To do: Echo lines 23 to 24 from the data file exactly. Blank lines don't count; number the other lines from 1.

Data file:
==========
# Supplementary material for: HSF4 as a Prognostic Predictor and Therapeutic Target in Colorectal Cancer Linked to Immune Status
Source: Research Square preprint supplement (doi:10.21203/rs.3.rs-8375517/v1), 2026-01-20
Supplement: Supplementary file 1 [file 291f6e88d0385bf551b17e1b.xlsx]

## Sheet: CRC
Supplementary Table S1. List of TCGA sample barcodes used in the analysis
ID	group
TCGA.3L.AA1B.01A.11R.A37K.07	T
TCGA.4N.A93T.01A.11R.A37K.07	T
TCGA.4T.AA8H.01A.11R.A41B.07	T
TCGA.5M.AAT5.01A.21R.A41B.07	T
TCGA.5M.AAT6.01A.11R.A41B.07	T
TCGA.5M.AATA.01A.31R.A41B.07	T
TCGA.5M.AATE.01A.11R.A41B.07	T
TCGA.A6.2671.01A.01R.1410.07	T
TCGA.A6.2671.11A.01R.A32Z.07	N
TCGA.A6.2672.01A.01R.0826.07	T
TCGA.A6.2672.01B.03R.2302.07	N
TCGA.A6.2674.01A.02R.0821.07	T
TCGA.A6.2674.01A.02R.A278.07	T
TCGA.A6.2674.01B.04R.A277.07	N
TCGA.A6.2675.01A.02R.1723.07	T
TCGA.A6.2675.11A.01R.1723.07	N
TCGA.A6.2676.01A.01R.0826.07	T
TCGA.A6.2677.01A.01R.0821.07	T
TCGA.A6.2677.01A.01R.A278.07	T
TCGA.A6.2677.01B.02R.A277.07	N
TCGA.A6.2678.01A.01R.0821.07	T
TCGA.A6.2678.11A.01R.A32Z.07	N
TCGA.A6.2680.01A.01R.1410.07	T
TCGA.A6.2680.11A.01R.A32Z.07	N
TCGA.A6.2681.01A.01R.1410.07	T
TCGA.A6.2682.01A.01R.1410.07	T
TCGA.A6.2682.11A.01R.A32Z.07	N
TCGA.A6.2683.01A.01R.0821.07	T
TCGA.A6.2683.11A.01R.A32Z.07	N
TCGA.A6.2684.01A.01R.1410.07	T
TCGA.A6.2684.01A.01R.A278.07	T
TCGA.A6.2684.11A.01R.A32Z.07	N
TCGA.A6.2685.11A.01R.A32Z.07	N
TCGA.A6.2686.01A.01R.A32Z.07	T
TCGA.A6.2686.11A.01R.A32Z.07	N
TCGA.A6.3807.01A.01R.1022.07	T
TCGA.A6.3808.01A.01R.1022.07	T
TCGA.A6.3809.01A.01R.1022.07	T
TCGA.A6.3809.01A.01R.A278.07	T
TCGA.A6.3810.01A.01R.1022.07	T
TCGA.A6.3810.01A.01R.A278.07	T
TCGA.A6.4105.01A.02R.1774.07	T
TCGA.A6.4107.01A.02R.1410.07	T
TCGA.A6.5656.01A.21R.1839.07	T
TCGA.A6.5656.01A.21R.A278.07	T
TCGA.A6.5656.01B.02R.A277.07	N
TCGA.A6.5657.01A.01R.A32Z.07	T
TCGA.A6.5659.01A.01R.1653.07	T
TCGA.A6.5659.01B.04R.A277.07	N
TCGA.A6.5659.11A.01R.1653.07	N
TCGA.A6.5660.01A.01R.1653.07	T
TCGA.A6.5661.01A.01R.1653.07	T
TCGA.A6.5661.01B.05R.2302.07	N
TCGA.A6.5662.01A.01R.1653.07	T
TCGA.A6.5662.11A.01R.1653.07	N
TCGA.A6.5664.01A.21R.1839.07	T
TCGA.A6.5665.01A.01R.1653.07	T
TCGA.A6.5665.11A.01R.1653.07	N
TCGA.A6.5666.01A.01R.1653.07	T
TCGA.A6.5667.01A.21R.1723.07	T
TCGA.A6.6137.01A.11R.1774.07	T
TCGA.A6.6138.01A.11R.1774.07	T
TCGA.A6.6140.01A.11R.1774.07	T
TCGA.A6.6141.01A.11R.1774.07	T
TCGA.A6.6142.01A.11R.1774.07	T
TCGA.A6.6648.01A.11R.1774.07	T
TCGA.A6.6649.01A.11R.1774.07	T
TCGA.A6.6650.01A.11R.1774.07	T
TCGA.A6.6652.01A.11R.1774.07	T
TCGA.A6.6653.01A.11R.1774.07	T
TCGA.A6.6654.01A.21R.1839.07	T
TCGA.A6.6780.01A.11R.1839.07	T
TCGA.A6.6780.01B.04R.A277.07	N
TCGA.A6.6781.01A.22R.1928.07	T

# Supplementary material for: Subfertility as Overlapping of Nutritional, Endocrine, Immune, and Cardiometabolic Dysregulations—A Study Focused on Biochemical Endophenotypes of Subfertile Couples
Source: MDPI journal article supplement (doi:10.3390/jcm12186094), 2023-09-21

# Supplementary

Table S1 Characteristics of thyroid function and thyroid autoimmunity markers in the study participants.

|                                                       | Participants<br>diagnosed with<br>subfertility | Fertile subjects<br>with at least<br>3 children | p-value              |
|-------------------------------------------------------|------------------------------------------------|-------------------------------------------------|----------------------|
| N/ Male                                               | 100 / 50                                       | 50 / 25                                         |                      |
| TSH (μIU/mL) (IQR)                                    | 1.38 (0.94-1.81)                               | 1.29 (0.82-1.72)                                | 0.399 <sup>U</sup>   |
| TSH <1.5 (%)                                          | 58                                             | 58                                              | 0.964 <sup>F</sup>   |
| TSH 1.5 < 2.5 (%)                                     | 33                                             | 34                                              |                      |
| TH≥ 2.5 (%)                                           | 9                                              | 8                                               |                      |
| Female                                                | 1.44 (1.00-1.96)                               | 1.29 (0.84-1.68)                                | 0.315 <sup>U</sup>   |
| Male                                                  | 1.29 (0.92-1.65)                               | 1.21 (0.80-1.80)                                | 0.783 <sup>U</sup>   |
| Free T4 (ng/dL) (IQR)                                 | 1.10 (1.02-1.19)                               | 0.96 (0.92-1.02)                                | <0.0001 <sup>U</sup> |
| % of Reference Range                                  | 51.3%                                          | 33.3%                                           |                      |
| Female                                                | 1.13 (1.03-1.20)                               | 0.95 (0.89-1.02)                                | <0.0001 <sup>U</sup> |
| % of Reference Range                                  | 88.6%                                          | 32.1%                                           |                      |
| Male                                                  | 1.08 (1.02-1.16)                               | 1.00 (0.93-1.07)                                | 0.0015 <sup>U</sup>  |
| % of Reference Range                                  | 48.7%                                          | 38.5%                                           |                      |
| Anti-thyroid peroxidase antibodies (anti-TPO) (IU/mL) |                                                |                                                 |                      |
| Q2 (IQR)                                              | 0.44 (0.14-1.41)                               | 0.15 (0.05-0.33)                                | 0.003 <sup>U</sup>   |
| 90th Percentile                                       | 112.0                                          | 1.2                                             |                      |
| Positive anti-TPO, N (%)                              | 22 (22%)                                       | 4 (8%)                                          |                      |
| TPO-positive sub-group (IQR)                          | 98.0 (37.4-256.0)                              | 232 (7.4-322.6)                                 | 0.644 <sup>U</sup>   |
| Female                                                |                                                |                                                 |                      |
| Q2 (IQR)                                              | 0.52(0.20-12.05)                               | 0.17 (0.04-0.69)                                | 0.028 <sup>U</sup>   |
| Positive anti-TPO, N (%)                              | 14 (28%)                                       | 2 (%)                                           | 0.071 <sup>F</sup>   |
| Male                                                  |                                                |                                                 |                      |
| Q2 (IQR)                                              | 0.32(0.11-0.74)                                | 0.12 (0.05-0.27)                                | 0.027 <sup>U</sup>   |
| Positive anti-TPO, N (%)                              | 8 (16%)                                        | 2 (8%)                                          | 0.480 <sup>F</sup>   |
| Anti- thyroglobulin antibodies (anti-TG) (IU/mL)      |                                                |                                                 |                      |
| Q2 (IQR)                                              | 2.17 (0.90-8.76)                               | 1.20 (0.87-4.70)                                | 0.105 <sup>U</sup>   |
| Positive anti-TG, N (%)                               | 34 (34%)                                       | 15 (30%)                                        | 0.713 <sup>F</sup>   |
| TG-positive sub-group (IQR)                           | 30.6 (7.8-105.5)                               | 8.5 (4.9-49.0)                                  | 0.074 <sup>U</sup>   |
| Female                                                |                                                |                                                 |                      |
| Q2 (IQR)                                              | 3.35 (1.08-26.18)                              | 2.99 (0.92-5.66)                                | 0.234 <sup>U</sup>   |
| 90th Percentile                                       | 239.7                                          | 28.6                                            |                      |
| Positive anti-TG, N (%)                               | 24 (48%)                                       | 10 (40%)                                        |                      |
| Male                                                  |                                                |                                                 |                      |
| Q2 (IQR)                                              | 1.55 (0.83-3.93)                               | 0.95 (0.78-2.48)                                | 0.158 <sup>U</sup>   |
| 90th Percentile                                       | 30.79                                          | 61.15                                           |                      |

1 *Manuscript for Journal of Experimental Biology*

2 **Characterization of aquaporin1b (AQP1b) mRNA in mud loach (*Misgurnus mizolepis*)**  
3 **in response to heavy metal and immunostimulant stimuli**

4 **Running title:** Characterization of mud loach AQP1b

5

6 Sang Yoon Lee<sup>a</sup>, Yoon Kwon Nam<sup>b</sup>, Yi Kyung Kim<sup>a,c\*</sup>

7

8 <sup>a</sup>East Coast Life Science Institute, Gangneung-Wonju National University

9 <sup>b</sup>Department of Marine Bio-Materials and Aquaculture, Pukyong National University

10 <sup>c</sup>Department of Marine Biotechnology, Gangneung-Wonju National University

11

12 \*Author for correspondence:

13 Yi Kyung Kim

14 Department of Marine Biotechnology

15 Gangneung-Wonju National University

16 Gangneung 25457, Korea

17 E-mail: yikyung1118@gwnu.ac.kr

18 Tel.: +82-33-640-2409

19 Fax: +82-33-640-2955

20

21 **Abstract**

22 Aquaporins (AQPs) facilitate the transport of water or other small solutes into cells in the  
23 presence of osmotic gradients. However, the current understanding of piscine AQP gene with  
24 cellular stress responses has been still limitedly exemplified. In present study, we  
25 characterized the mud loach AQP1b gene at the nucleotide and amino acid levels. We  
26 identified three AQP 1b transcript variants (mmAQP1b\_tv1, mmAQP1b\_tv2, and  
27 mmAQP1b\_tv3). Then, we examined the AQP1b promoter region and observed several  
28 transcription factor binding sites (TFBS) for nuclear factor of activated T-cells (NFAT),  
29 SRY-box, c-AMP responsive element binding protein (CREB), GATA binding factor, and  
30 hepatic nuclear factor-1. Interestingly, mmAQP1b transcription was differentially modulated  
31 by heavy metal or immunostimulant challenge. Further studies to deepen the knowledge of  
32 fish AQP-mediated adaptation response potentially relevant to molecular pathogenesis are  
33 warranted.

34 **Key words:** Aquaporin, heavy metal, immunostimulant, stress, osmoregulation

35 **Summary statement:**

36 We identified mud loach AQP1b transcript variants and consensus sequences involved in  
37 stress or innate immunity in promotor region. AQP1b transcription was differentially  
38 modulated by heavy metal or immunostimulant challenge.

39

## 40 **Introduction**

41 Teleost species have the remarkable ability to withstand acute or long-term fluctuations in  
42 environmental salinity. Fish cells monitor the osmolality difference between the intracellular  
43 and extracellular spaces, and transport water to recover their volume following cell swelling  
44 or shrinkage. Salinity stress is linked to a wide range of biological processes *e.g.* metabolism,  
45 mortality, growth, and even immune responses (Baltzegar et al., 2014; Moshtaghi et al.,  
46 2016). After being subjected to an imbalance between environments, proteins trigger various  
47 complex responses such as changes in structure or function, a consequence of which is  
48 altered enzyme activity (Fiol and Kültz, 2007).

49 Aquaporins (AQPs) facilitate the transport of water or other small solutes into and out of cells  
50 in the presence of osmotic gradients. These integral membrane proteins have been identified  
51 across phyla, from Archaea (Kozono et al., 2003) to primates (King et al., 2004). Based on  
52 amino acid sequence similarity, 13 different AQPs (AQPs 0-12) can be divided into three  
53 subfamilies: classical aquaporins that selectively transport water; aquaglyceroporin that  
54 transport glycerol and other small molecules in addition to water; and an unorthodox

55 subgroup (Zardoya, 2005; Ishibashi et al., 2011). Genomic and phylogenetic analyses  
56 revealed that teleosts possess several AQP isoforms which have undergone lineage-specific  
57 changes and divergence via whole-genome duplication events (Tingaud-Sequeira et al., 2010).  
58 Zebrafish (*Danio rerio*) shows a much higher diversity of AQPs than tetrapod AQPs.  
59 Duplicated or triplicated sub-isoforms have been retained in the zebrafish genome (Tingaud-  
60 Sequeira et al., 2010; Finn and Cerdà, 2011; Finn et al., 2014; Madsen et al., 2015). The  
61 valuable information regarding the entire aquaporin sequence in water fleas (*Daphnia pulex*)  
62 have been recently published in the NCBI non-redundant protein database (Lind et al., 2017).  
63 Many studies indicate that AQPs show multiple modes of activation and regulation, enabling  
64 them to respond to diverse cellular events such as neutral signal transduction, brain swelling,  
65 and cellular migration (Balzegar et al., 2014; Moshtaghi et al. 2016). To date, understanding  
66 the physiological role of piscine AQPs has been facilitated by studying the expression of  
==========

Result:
TCGA.A6.2676.01A.01R.0826.07	T
TCGA.A6.2677.01A.01R.0821.07	T